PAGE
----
If you watch the news, it seems like the world is in bad shape. In a survey by YouGov, 71% of respondents agreed with this sentiment and said they thought the world was getting worse, while only 5% thought it was getting better. “If it bleeds, it leads,” reflects what the media often covers because it’s human instinct to pay attention to scary events, negative information and potential threats. This instinct once helped keep our ancestors alive. But are things as bad as most people think they are?

In his book, “Enlightenment Now: The Case for Reason, Science, Humanism, and Progress,” cognitive scientist Steven Pinker argues that in almost every category you can measure, including health, prosperity, safety, peace and happiness, people around the world are much better off today than they have ever been.

In the mid-18th century, the world average for life expectancy was less than 30 years. Today that number is over 70 years. Pinker writes, “In the richest country two centuries ago (the Netherlands), life expectancy was just forty, and in no country was it above forty-five. Today, life expectancy in the poorest country in the world (the Central African Republic) is fifty-four, and in no country is it below forty-five.” Child and maternal mortality rates have also dropped dramatically. Pinker states that in the 1700s, “a third of children born in the richest parts of the world died before their fifth birthday; today that fate befalls 6 percent of the children in the poorest parts.”

Hunger and famine still exist, but not at the staggering levels of the past. From 1921-22, a famine in Bolshevik Russia took approximately 5 million lives. And during the Great Chinese Famine from 1959-61, over 30 million are estimated to have starved to death. Today the average person in China consumes 3,100 calories a day; The average is 2,400 in India and 2,600 in Africa. Stunted growth and undernourishment in children are also declining in some of the world’s poorest countries.

Because of laws, building codes, railings and caution signs, the world is substantially safer than ever before. In the past 90 years, the likelihood that you will fall to your death has declined by 72%. The number of deaths by fire or water have declined by almost 90%. At the turn of the century, you were 37 times more likely to be killed by lightning than you are today.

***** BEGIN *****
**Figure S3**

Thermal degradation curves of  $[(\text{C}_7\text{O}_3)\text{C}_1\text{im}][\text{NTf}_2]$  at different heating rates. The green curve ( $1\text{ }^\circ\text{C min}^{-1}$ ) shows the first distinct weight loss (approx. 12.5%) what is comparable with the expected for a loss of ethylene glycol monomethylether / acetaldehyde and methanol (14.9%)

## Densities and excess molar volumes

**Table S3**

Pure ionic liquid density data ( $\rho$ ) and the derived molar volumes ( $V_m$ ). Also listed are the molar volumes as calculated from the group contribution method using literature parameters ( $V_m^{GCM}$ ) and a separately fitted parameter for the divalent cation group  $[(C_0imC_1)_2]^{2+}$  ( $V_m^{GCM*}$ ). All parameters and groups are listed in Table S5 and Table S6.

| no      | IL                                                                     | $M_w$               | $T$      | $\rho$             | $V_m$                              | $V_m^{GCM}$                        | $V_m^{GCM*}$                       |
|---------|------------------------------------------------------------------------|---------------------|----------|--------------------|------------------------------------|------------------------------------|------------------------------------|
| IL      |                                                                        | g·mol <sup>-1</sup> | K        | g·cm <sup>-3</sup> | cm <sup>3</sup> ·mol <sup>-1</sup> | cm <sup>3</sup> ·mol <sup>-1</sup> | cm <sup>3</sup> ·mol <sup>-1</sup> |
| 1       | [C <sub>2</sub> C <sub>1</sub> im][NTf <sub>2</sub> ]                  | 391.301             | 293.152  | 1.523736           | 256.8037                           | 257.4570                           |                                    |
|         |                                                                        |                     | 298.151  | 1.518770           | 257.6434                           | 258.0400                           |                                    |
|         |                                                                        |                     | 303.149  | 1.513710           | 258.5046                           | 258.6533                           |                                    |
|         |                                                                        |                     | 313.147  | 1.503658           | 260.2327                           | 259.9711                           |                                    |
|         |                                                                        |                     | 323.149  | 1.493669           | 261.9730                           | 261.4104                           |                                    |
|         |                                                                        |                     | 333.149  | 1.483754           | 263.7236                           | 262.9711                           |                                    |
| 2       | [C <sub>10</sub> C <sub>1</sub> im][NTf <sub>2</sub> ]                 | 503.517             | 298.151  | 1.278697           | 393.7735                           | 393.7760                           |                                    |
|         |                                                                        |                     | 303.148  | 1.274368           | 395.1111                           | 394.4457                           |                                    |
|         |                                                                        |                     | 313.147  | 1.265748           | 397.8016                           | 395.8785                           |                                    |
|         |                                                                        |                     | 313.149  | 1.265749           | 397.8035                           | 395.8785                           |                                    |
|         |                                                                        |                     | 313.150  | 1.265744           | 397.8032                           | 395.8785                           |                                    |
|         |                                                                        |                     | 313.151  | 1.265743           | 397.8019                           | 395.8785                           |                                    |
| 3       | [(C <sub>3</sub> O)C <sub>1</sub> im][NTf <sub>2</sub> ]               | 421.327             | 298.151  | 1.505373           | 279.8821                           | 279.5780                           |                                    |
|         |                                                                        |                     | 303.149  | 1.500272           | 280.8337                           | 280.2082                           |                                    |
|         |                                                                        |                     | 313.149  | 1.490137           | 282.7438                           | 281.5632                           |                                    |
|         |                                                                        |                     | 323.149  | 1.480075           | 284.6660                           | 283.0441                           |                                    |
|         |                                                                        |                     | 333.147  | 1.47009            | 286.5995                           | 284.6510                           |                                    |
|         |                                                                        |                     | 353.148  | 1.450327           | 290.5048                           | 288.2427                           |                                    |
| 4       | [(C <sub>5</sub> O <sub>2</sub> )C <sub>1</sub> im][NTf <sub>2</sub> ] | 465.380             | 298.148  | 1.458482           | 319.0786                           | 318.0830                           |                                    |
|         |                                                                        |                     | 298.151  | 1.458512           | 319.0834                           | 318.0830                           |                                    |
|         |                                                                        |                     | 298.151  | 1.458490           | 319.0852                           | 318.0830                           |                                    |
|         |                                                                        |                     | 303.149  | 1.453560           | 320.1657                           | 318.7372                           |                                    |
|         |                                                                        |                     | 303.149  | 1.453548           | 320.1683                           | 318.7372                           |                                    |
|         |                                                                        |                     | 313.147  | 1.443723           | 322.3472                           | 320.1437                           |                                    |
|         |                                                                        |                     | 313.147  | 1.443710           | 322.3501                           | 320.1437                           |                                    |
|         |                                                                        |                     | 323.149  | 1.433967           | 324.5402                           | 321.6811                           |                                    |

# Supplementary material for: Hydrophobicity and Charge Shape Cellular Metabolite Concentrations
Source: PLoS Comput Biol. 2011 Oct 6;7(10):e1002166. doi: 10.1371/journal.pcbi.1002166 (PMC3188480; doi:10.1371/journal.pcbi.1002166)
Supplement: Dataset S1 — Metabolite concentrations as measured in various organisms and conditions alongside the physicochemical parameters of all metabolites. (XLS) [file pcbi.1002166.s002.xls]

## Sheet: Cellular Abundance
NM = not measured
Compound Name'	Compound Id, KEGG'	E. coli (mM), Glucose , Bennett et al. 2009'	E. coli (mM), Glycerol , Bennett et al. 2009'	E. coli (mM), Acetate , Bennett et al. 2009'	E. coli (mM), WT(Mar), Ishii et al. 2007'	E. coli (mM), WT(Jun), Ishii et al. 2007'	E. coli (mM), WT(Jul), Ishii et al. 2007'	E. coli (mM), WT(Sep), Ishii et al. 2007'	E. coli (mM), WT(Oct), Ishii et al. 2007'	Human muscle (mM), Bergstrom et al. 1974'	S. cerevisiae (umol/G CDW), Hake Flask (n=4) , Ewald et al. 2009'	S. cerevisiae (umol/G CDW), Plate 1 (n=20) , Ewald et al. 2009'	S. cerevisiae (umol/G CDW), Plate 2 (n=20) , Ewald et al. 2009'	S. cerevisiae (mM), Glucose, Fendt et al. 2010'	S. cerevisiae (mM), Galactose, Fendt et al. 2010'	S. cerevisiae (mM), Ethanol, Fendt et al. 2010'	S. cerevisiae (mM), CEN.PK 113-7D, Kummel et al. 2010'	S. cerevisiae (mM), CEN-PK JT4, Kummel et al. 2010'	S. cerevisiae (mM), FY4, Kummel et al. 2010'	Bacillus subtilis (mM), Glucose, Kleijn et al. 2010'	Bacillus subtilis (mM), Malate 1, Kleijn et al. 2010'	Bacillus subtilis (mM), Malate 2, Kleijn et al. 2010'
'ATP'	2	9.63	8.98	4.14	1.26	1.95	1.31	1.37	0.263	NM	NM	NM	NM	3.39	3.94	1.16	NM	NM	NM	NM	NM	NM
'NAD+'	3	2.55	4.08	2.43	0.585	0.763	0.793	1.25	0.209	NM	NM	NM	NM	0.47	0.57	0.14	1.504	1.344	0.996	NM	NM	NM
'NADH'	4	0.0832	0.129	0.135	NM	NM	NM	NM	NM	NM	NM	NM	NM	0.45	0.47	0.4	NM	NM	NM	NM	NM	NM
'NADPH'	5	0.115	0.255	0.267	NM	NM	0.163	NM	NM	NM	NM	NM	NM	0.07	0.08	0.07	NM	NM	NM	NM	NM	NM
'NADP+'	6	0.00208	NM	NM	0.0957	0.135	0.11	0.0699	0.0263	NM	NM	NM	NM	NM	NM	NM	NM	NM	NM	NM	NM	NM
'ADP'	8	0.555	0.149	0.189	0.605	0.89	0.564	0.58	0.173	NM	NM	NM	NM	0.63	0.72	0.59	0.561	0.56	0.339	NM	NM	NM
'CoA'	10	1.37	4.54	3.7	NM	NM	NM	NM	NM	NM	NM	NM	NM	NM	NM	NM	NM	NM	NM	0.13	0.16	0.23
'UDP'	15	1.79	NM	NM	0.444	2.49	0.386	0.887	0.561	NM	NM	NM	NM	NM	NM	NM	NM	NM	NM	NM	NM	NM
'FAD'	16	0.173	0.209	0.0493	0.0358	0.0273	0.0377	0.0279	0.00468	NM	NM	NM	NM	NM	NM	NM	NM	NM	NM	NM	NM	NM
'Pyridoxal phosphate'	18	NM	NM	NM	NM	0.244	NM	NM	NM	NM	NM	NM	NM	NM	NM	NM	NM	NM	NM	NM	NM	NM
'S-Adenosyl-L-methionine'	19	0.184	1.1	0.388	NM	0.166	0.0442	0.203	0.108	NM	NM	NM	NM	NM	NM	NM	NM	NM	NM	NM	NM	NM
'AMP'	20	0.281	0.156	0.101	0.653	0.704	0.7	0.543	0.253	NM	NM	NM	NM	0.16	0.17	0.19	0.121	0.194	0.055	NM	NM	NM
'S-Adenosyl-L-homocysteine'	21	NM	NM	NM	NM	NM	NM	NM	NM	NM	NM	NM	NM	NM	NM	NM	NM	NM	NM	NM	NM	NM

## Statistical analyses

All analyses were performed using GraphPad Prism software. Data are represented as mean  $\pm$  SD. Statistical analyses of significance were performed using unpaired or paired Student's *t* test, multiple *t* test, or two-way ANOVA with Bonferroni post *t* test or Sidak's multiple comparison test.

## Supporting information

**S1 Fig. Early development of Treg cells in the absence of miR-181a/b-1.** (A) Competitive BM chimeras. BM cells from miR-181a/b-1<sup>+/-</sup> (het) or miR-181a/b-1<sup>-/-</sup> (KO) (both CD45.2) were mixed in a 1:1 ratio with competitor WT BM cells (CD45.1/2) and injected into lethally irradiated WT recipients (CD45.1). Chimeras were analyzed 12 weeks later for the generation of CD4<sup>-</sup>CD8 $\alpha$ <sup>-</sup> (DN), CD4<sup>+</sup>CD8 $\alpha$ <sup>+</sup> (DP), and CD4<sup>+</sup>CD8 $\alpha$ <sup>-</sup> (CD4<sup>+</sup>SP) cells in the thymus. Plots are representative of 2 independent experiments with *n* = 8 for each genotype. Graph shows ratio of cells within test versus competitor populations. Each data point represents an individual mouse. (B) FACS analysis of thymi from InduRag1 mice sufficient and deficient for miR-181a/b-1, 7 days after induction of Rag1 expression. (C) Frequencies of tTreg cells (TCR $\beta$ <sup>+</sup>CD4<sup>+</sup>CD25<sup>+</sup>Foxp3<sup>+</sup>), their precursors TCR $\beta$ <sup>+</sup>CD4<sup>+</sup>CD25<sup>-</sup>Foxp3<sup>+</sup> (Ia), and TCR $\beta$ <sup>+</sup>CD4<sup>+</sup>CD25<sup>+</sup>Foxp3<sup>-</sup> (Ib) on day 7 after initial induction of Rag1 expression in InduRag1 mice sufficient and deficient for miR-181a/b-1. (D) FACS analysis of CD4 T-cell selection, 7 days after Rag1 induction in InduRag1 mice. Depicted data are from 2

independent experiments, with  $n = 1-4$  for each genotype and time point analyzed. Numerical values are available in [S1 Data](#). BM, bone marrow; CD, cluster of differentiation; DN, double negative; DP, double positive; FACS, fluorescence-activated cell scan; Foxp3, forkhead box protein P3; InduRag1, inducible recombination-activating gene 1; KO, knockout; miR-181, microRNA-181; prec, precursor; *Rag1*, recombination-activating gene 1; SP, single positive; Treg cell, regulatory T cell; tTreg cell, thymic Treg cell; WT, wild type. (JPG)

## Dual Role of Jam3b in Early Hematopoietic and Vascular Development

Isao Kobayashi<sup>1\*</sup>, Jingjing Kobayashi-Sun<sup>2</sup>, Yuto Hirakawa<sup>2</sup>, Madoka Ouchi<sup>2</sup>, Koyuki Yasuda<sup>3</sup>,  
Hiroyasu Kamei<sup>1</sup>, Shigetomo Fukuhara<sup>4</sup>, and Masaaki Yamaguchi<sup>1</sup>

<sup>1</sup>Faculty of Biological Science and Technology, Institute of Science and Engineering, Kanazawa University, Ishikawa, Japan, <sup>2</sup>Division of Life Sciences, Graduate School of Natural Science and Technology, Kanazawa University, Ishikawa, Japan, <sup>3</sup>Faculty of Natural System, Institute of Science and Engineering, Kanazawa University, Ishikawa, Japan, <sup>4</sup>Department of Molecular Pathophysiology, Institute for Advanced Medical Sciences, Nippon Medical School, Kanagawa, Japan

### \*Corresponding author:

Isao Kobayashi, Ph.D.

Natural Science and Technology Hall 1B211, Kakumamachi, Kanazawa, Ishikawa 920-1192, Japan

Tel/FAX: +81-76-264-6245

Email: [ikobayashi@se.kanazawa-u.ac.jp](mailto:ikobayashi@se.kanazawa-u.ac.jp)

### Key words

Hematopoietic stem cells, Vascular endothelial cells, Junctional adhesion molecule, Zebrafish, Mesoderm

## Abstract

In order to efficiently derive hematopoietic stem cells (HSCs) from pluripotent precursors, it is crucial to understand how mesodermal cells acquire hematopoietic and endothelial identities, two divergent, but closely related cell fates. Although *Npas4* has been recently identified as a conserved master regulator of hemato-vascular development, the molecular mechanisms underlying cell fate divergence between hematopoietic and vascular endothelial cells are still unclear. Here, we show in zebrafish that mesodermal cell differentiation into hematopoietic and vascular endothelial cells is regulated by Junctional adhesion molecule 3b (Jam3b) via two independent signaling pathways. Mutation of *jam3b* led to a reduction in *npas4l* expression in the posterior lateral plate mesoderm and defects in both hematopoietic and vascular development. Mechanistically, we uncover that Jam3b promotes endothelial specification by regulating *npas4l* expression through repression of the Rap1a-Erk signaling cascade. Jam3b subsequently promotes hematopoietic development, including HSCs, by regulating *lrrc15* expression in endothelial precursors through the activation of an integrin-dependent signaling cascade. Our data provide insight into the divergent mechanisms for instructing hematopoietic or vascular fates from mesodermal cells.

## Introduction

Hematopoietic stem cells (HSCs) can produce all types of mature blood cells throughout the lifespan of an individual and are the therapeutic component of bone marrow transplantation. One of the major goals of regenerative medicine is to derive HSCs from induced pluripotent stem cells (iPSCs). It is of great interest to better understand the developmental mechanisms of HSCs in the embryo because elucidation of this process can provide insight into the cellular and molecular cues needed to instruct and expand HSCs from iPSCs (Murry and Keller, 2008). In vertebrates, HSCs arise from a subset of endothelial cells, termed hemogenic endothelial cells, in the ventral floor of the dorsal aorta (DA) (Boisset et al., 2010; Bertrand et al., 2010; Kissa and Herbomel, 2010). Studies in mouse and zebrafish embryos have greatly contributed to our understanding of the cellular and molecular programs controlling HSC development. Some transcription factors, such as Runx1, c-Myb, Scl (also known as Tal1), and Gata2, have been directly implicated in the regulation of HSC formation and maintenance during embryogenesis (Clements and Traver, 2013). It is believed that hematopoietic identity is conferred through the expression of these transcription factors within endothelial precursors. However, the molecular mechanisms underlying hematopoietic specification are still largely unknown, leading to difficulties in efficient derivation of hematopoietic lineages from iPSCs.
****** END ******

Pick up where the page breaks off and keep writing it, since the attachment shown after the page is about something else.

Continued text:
Quality of life has also improved. In 1870, the average employee in the United States and Western Europe worked over 60 hours a week, versus 40 hours today. Housework has gone from 58 hours a week in 1900 to 16 hours in 2011. In 1920, the average person spent over 11 hours a week doing laundry. In 2014, that dropped to 1.5 hours. Technology, like the modern washing machine, has provided us with time we otherwise wouldn’t have to spend with our children, read, pursue hobbies or start a new business. And not only do we have more time to spend as we choose, we also have more disposable income. In 1929, people spent over 60% of their income on necessities, but today it’s around 30%.

According to Pinker, one of the best measures of human progress is education and this is where we’ve seen the most dramatic improvement. Ninety percent of girls and 92% of boys attend primary school worldwide. The literacy rate for young adults between the ages of 15 and 24 is over 90%. Pinker found, “In many Middle Eastern and North African countries, more than three-quarters of the people over 65 are illiterate, whereas the rate for those in their teens and 20s is in the single digits.”

When it comes to health, prosperity, safety, peace and happiness, the world is getting better. He writes, “There can be no question of which was the greatest era for culture; the answer has to be today, until it is superseded by tomorrow.” But Pinker also concedes there are still many areas that need improvement, including inequality, suicide rates, and climate change. There has also been a significant increase in the number of deaths caused by accidental drug overdoses.

He argues that we have the best chance of working collaboratively to solve problems when we have an accurate picture of what the real problems are. And while we have a lot to be grateful for and optimistic about, this doesn’t mean we should simply lie back and relax. Things may be better than ever, but there’s still more work to do. 

Melissa Brown is a web developer at SimpleDzn.com and former business professor at the University of Alaska. She can be reached at melissa@simpledzn.com. This column is brought to you as a public service by the UAF Department of Applied Business.